At first glance it seems like a reasonably decent airport. Then after a while you notice the dilapidation, the inoperative urinal, the broken floor tiles. A surprisingly pretty Immigration Agent waves me over, inspects my documents, asks a few questions in passable English and allows me into the country. I retrieve my bag and then pass both the bag and the carry-on through the x-ray machine just before the the exit.
This is my first trip to Caracas and I was not without anxiety given the tumultuous events of the last few weeks. I had been invited to come and lecture at a meeting. A giant screen in the airport lobby displays unending scenes of tribute to the departed leader. The termperature is comfortable but the exposed air conditioning vents are not controlling the humidity well.
It turned out that the person who I expected to pick me up never made the trip to Venezuela. I called him and he told me that a driver was indeed on the way and should be there already. Within ten minutes I located him holding a hand-made sign that read “Jhon…”
The twenty minutes or so ride to the Eurobuilding hotel downtown wound its way up the side of the mountain over roads much in need of repair. Chavez’ image is ubiquitous. The Eurobuilding Hotel is attractive but not world class. The staff is very polite and helpful. The bath/shower has dark marks on its floor and if you grab the towel rack a little too tightly one of the cross bars will fall out. There is free wireless internet and there are more than 100 channels on the TV and there are even American shows with Spanish subtitles. A complete lack of English speaking television is one of the best ways to create the feeling of cultural isolation, something I’d experienced in South Korea. The pool and the palm trees cannot hide a basic truth.
Venezuela is a mess.
CARACAS, Venezuela (AP) — Venezuela’s government announced Friday that it is devaluing the country’s currency, a long-anticipated change expected to push up prices in the heavily import-reliant economy.
Officials said the fixed exchange rate is changing from 4.30 bolivars to the dollar to 6.30 bolivars to the dollar.
The devaluation had been widely expected by analysts in recent months, though experts had been unsure about whether the government would act while President Hugo Chavez remained out of sight in Cuba recovering from cancer surgery.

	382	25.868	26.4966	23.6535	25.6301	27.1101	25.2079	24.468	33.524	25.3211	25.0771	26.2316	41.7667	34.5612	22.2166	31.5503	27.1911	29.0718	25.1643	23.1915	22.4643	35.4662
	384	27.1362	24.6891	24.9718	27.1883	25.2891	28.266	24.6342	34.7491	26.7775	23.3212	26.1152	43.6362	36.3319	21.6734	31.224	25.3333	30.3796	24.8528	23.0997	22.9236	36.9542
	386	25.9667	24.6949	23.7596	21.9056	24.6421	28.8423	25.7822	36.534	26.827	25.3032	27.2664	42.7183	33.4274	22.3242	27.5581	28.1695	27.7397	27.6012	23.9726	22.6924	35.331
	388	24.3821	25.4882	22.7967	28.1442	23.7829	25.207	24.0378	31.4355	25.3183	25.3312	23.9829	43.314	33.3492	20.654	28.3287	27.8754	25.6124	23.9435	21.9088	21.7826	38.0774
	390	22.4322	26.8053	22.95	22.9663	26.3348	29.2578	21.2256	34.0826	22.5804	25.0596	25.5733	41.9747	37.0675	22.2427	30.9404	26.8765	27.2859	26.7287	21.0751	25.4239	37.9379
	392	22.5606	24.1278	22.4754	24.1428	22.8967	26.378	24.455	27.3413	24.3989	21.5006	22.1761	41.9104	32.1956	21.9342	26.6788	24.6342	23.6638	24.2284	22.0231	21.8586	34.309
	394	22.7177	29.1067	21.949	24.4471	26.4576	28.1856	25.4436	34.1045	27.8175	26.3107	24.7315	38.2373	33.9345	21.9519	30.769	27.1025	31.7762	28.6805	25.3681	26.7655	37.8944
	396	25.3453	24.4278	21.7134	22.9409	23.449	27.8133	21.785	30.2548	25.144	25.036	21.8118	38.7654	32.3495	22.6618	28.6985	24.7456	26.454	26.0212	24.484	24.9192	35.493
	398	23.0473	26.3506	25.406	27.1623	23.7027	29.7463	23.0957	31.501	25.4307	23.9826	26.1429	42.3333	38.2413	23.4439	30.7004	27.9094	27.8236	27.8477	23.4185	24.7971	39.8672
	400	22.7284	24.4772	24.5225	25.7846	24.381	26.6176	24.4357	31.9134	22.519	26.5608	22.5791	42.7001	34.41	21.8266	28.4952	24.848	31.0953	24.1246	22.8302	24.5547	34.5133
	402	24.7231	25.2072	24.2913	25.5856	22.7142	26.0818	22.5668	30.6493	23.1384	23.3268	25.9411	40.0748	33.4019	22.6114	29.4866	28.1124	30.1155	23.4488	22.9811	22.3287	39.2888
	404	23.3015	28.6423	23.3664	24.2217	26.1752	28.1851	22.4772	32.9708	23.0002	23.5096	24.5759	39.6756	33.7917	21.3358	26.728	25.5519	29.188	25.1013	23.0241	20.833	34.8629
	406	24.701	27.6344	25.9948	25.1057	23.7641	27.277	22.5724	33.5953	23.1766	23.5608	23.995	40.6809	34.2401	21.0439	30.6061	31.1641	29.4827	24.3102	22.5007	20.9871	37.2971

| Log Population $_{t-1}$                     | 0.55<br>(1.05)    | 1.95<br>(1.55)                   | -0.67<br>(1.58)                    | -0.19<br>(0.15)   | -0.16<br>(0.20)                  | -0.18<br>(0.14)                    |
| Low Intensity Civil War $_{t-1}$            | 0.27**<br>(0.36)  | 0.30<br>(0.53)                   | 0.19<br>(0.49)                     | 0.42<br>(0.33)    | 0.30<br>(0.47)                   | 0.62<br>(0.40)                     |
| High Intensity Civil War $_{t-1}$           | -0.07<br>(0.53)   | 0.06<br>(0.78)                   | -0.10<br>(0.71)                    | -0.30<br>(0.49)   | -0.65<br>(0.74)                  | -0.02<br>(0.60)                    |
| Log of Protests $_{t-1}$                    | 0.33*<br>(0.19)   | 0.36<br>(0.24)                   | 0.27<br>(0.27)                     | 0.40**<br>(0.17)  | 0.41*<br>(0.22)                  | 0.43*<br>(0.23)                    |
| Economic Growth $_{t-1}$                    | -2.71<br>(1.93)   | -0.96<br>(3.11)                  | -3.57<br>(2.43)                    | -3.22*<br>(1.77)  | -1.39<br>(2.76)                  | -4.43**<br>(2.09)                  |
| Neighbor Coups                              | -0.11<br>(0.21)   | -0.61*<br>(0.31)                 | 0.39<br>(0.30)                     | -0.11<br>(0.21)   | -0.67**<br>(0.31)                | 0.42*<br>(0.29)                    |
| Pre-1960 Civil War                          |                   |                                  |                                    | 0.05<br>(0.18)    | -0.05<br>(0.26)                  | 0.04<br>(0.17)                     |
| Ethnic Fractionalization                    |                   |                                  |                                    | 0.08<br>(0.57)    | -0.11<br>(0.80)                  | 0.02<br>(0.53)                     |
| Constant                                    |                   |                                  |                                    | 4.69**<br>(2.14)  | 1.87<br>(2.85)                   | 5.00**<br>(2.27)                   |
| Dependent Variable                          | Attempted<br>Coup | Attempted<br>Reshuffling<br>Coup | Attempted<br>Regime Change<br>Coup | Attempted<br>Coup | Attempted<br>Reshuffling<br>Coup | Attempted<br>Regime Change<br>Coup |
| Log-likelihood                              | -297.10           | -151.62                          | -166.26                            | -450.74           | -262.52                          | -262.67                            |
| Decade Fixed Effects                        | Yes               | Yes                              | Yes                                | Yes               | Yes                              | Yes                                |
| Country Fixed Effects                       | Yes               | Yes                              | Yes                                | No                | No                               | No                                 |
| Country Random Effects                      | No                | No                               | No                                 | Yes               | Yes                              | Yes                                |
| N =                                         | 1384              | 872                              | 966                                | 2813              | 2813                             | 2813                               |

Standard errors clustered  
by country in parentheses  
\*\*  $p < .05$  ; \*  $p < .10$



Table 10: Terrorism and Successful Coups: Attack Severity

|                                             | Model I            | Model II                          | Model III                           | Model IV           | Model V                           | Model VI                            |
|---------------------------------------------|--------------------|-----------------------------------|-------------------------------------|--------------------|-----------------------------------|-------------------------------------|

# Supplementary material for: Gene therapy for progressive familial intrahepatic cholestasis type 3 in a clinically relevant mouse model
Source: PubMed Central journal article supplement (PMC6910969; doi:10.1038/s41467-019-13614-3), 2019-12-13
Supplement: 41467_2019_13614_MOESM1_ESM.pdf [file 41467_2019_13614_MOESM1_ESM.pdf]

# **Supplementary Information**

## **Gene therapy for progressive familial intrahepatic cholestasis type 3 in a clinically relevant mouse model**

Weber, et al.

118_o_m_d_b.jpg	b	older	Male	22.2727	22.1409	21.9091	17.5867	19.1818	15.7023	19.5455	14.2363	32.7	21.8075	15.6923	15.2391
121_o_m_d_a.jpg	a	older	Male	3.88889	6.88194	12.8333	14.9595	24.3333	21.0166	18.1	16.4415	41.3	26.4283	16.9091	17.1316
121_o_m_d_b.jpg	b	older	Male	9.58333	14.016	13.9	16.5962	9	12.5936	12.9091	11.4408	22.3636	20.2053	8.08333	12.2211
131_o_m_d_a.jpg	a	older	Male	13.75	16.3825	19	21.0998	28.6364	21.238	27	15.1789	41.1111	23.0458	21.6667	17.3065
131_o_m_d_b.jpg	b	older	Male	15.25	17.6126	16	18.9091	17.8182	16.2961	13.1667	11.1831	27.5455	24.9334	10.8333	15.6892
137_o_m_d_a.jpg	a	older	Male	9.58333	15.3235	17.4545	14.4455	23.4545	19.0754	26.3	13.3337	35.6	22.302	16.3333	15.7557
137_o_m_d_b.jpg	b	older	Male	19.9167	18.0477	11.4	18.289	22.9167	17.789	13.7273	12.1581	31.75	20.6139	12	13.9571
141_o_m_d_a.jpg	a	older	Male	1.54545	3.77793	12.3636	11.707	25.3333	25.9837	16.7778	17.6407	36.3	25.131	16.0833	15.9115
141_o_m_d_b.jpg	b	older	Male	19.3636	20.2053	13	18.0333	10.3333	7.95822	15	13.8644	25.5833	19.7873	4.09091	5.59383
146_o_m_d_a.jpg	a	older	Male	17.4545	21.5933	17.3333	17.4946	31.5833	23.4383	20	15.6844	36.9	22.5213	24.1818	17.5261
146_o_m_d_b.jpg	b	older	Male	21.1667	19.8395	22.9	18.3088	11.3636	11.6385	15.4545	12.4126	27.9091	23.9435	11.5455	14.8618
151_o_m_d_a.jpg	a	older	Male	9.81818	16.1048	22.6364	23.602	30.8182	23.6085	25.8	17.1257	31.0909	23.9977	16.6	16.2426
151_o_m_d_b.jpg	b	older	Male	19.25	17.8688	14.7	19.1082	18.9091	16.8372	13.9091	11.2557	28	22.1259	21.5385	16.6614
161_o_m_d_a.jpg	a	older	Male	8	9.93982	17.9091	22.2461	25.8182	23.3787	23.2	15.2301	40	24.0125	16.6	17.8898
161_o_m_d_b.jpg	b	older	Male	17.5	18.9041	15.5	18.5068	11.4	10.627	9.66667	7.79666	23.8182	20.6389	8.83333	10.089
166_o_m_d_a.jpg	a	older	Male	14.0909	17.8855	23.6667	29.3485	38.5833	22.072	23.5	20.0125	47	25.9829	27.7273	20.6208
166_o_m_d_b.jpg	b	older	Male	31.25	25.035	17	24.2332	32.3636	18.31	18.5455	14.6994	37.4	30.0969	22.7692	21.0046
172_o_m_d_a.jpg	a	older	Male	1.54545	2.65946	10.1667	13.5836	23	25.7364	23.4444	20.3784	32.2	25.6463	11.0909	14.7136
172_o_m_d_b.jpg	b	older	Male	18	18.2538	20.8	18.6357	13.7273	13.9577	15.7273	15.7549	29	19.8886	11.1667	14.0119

It was the first devaluation to be announced by Chavez’s government since 2010, and it pushed up the price of the dollar against the bolivar by 46.5 percent.
By boosting the bolivar value of Venezuela’s dollar-denominated oil sales, the change is expected to help ease a difficult budget outlook for the government, which has turned increasingly to borrowing to meet its spending obligations.
But analysts said the move would not be sufficient to end the government’s budget woes or balance the exchange rate with an overvalued currency. Economists predicted higher inflation and a likely continuation of shortages of some staple foods, such as cornmeal, chicken and sugar.
Likewise, in a United States whose poverty rate is skyrocketing, are there any lessons to be learned from Venezuela’s policies that so rapidly reduced poverty?
And in a United States that has become more unequal than many Latin American nations, are there any constructive lessons to be learned from Chavez’s grand experiment with more aggressive redistribution?
Aggressive redistribution indeed- at a very high cost.
The concentration of power under President Hugo Chávez has taken a heavy toll on human rights in Venezuela, Human Rights Watch said in a report released today.
The 133-page report, “Tightening the Grip: Concentration and Abuse of Power in Chávez’s Venezuela”, documents how the accumulation of power in the executive and the erosion of human rights protections have allowed the Chávez government to intimidate, censor, and prosecute critics and perceived opponents in a wide range of cases involving the judiciary, the media, and civil society.
“For years, President Chávez and his followers have been building a system in which the government has free rein to threaten and punish Venezuelans who interfere with their political agenda,” said José Miguel Vivanco, Americas director at Human Rights Watch. “Today that system is firmly entrenched, and the risks for judges, journalists, and rights defenders are greater than they’ve ever been under Chávez.”
Redistribution may have elevated some out of poverty but it will be a short-lived gain: